Nevertheless, he acknowledged on Monday that AREP had a serious perception problem, which would persist for as long as his brothers-in-law, Cyril Ramaphosa and Jeff Radebe, occupied the positions of President and Energy Minister respectively.
AREP would not dispose of its renewables assets, or withdraw from recently awarded projects. Most of its future attention, however, would be directed to the development of a renewables portfolio in the rest of sub-Saharan Africa, which would be developed with support from a $100-million fund partly capitalised by African Rainbow Capital.
The company would also partner with private South African companies that intended pursuing own-generation projects to supply electricity to their mining or manufacturing operations.
Speaking during a media briefing in Sandton Motsepe said the appointment of Radebe, in particular, had been “very bad for business”, as it has created a “fundamental perception problem”. He likened it to his football team, Sundowns, playing in a CAF Champions League game where the referee and the assistant referees were relatives.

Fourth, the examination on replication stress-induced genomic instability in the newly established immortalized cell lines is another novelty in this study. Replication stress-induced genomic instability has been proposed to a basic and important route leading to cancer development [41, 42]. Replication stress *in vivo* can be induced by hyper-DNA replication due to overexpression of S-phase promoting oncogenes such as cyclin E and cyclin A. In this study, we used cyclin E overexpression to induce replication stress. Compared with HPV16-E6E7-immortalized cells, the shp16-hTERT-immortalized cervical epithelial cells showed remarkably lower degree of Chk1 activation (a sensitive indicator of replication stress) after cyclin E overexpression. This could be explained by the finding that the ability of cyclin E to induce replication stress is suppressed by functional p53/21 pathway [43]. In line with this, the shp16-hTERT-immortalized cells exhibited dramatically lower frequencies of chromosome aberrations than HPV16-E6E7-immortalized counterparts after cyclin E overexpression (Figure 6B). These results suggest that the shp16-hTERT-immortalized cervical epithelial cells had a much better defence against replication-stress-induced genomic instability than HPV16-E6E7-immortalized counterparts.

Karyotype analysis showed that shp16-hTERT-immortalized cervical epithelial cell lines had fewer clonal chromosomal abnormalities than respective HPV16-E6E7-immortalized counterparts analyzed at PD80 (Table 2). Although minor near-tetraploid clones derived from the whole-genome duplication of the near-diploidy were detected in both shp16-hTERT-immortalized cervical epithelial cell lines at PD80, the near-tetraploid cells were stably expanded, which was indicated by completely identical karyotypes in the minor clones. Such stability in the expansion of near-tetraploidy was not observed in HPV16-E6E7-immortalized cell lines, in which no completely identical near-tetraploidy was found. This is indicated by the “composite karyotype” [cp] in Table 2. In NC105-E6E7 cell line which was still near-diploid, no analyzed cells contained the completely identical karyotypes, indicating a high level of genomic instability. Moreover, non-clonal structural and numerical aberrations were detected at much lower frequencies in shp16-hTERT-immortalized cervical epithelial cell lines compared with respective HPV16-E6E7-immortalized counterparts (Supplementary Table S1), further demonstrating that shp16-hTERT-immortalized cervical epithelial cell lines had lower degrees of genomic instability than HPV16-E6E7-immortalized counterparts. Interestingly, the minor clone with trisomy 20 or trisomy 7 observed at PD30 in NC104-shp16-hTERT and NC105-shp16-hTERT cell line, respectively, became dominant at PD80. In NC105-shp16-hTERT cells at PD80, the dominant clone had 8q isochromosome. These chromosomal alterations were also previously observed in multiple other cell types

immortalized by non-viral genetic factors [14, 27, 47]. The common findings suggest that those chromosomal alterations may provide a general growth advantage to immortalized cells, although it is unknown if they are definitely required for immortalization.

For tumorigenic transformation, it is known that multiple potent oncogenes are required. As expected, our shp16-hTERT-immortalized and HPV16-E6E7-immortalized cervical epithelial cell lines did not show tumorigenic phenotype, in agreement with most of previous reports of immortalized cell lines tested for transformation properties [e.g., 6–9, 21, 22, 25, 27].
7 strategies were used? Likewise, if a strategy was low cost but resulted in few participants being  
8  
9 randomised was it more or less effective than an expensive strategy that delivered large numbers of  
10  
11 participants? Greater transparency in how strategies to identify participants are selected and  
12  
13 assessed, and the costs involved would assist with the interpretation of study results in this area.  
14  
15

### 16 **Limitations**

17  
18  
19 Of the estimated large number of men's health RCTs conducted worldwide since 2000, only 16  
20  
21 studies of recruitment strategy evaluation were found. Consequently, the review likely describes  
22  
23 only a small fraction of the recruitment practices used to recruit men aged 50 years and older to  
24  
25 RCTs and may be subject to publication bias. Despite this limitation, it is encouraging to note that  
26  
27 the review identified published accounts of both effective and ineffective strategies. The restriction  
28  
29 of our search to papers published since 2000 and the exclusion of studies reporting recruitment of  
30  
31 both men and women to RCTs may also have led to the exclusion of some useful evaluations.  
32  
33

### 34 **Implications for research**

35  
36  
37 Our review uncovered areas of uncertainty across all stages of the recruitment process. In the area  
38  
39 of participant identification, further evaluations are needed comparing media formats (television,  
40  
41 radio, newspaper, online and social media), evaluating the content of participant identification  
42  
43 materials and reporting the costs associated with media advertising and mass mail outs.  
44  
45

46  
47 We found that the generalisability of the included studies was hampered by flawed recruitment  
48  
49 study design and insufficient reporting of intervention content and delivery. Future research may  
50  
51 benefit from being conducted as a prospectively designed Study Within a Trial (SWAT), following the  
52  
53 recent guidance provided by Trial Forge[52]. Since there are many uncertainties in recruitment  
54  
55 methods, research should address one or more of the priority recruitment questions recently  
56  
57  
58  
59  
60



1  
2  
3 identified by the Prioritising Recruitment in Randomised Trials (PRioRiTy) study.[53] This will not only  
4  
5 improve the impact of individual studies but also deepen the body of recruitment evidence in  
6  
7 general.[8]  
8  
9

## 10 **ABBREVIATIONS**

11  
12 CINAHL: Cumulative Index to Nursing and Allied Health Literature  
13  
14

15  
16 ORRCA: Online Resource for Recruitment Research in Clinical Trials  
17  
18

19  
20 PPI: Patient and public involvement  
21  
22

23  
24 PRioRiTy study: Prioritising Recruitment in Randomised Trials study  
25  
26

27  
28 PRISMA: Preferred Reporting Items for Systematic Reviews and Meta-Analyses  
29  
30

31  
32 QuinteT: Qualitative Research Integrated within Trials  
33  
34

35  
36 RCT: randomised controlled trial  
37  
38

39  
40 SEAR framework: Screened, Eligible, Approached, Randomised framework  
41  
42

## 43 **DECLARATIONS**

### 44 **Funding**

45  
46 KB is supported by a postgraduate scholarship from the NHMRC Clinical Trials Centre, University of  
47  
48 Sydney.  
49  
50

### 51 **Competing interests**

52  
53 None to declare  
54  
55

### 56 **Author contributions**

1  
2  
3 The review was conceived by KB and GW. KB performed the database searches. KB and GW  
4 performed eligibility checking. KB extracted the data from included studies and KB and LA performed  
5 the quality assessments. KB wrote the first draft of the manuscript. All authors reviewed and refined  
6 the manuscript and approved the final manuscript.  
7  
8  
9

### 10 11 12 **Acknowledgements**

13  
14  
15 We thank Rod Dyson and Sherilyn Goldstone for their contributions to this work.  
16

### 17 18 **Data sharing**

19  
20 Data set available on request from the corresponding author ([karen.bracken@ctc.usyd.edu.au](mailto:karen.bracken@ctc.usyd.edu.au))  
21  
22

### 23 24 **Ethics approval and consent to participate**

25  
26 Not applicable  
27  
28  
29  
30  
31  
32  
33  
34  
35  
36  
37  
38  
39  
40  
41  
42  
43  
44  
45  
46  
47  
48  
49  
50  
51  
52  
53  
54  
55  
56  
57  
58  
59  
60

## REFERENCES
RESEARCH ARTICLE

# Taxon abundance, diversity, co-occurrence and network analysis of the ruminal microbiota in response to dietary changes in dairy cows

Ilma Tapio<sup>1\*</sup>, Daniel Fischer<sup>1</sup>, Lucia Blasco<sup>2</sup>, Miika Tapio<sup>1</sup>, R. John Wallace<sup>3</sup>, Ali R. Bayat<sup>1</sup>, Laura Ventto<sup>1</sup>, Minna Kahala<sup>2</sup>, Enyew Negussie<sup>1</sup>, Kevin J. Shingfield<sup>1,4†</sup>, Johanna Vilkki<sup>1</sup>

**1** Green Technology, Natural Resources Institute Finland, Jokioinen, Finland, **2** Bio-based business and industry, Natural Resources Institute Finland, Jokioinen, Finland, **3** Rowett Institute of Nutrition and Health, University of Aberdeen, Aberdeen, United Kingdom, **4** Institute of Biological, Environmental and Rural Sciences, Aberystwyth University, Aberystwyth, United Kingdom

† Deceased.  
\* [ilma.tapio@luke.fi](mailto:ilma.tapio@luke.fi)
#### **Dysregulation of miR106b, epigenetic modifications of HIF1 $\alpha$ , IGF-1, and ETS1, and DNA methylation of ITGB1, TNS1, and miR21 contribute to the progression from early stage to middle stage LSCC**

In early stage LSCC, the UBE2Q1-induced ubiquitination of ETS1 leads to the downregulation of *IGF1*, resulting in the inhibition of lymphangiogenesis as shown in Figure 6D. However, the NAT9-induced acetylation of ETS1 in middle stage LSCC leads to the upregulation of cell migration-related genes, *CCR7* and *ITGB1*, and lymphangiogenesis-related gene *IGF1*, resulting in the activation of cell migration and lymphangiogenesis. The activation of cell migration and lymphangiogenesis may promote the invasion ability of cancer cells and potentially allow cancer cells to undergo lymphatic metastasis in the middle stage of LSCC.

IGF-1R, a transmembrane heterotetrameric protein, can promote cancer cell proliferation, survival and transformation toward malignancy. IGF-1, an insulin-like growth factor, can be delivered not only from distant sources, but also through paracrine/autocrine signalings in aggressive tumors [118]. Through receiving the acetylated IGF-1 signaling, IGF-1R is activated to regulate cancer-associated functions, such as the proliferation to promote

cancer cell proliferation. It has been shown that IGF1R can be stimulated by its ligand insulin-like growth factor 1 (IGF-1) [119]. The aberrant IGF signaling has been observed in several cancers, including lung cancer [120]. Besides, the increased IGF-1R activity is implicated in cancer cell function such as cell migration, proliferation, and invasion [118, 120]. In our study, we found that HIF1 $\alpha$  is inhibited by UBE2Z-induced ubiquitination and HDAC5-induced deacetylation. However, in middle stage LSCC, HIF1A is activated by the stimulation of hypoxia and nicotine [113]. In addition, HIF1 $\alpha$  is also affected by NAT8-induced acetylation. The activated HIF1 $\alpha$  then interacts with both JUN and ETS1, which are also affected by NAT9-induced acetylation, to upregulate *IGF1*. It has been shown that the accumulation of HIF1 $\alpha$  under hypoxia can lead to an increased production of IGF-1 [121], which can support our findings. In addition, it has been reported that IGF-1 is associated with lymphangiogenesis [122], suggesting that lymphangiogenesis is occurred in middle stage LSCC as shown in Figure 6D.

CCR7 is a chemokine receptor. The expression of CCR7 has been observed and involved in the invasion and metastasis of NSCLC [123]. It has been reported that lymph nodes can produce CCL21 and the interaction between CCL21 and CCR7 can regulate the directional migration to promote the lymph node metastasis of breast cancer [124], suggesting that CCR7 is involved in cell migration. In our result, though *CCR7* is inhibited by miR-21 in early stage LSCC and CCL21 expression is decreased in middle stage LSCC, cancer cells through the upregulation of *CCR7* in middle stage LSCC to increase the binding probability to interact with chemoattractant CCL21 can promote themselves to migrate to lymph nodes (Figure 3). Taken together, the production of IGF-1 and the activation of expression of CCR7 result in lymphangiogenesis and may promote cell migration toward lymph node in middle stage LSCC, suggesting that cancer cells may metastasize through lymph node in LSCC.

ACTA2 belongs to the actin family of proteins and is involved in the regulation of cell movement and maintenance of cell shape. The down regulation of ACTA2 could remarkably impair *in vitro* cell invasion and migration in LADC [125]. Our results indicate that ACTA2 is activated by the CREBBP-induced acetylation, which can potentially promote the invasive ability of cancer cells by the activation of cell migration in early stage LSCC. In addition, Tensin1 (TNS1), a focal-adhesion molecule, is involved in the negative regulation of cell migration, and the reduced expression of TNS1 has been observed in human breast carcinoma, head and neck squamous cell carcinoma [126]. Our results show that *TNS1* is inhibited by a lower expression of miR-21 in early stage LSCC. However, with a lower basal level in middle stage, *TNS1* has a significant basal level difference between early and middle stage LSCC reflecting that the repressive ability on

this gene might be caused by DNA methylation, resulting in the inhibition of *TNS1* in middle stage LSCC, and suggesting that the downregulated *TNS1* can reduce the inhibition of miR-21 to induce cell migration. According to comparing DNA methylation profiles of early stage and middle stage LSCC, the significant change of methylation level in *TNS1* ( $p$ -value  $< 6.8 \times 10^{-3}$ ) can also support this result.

“We recognise that this is a legitimate concern.”
Allegations over conflict first came to the fore last year when Radebe approved the signing of 27 renewable-energy projects that had been delayed for three years as a result of Eskom’s refusal to sign power purchase agreements for the projects, procured during the fourth bid window of the Renewable Independent Power Producer Procurement Progamme (REIPPPP).
The “misrepresentations and lies” had intensified, however, after Ramaphosa announced in his 2019 State of the Nation Address that Eskom would be split into separate businesses of generation, transmission and distribution. While the President insisted that all three entities would remain State owned and under Eskom Holdings, opponents slammed the unbundling as a precursor to privatisation and retrenchments.
Motsepe said he had never supported the privatisation of Eskom and promised that AREP would not participate any process involving the sale of the utility’s entities or assets, including the proposed sale of the Eskom Finance Company, which administers a home-loan book for the utility’s employees.